Teenagers are transitional beings — they are growing from children into young men and women, and that can create strain or conflict in the home. Communicating with your kids as they cross the threshold of 12 to 13 can become challenging at times, and at other times can feel downright impossible. The good news? You can use some strategies that are a little on the sneaky side to keep the conversation going with your adult-in-training.
For starters, avoid vague questions. When you see your teen after a school day, avoid asking, “How did your day go?” That question, while filled with good intentions, often gets an undesirable answer — “Fine.” Instead, use detail and ask more specific questions. Find out when he or she has an upcoming test, for example, so after he or she has conquered it, you can ask how it went. Keep an ear out for what’s going on in your teen's life, and use that as a talking point. This not only helps keep communication easier, but it helps your teen feel important and cared about as well.
No, we don’t mean snag his or her cell phone and tablet — but do take advantage of all that modern technology has to offer, particularly if your teen is always using it. Want to check in during the day? Send a text. Hoping to hear more about how classes are going? Jot an e-mail. Sometimes that face-to-face encounter with your teen can leave much to be desired, with monosyllabic answers or, worse yet, completely dodging a topic. Sometimes being tech savvy can really pay off, and you can get more insight into your teen’s life by utilizing what’s already in his or her hands.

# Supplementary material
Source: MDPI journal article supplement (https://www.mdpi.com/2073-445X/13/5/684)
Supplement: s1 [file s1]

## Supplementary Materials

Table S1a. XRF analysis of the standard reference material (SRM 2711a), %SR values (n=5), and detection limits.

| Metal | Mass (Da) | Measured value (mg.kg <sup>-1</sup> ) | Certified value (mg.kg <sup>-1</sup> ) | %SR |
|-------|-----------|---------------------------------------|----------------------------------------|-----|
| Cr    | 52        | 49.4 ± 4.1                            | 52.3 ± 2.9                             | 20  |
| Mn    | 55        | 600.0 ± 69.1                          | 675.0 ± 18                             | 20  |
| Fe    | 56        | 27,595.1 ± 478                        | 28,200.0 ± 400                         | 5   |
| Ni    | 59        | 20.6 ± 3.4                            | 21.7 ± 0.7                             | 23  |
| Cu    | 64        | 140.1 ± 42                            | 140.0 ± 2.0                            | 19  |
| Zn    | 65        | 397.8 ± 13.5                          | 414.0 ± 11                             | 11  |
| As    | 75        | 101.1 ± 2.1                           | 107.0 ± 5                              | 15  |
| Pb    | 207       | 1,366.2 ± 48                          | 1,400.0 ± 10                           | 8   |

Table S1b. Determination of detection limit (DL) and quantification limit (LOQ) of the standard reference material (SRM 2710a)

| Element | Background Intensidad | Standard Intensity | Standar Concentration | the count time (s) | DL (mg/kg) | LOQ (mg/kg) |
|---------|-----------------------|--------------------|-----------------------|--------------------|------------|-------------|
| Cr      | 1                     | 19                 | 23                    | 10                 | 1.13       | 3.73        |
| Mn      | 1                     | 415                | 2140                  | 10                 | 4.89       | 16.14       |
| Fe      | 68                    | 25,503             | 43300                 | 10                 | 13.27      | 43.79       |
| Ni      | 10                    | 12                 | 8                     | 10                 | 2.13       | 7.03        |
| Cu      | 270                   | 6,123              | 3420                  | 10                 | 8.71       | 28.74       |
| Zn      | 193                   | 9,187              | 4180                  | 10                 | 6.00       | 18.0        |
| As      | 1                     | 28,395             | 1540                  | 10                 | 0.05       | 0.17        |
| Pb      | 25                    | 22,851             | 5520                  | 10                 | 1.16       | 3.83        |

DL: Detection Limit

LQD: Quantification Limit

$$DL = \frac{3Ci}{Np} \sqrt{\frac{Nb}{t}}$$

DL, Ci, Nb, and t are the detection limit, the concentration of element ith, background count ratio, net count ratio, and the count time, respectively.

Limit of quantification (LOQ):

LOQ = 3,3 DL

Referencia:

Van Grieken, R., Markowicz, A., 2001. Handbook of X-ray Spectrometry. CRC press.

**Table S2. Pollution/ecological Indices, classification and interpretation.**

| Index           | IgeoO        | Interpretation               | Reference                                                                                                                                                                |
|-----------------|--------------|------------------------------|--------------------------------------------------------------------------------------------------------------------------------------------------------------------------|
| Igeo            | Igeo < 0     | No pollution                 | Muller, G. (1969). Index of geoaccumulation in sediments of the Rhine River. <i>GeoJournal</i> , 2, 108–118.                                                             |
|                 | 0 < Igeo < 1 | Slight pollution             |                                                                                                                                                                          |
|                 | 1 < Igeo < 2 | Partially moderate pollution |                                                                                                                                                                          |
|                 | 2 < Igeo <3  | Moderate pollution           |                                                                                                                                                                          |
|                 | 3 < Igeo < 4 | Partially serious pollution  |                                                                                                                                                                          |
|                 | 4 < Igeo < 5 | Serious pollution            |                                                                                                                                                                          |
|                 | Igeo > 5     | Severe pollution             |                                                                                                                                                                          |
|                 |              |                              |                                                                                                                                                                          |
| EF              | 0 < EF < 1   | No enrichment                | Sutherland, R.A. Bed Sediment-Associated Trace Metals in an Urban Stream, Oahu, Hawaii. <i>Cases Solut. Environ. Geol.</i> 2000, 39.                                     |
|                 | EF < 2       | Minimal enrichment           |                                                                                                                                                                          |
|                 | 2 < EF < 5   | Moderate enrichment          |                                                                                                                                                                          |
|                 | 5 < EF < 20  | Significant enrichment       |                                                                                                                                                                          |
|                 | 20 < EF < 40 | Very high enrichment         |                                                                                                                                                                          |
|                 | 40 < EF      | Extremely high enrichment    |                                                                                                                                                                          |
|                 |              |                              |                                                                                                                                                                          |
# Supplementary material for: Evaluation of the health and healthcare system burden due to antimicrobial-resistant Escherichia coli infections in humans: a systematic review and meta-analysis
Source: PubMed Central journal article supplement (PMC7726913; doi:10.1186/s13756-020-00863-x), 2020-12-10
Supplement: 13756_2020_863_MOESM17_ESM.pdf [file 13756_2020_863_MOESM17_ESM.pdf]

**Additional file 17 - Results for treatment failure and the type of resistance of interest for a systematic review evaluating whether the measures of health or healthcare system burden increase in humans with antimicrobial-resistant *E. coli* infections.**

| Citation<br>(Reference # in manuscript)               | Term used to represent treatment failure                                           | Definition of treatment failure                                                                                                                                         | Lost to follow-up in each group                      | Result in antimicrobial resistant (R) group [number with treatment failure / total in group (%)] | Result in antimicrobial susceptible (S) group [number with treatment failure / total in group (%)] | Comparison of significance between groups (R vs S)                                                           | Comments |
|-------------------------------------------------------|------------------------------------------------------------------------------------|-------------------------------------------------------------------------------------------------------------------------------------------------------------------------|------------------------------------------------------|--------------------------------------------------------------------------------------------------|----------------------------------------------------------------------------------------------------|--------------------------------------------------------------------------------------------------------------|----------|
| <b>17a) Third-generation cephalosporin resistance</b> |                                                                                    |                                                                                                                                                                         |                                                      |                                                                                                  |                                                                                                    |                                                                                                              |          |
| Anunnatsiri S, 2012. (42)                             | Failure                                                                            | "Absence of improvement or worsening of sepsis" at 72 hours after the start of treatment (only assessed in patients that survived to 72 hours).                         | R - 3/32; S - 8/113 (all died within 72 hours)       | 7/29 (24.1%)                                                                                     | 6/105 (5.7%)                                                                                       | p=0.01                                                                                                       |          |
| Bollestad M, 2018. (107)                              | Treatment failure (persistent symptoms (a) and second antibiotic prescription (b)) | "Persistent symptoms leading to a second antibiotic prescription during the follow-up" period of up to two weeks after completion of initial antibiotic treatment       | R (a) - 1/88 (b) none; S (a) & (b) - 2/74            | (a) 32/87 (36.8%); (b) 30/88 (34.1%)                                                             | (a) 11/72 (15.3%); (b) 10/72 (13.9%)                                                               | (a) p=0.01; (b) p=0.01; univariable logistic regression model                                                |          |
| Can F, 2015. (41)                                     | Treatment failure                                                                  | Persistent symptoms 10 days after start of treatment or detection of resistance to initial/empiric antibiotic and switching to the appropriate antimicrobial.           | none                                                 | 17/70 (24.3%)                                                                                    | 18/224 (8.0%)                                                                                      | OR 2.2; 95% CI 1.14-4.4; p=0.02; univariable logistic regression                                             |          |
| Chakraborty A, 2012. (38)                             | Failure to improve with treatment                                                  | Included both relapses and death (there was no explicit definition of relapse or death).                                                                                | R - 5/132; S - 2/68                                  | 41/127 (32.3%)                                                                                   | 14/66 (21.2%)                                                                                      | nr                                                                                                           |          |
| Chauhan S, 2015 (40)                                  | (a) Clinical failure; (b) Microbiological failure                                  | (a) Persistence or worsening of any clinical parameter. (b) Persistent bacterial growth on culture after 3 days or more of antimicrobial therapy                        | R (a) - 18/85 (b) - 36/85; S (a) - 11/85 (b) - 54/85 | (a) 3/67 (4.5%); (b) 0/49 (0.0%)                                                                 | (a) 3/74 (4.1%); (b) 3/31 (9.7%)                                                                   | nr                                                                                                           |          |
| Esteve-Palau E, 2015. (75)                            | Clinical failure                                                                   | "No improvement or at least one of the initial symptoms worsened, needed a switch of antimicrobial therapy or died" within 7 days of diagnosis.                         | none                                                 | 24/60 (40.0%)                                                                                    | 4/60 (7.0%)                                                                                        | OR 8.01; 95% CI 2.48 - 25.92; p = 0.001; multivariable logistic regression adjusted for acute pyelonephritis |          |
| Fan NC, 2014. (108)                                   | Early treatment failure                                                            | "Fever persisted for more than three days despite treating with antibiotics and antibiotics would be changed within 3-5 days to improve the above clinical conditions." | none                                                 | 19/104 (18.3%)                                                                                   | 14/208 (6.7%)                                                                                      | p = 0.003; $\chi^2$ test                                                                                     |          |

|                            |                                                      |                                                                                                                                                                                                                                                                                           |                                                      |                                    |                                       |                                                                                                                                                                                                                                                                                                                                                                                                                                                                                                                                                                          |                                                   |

Parents on social media, such as Facebook or Twitter, can be a source of embarrassment, but if you are aware of boundaries and potentially overstepping them, then it can be an excellent way to keep communicating with your teenager. If posting on your kid’s Facebook timeline seems to bug him or her, send a private message instead. Same goes for Twitter — tagging your teen will get his or her attention, but if you become an annoyance, it will defeat the purpose.
Just like when your teenager was little, it’s important to keep your ears open when he or she does open up. Whether it’s about a video game, a fight at school, a show he or she wants to see or what your teen's friends have been up to, listen. While it may not seem important to you, it really is to your kid. Pay attention to what your teen says and remember what he or she talks about, even if it’s about something you honestly have no clue about. These tidbits will not only arm you with future conversation starters (see above), but will let your teenager know that you are there for him or her.
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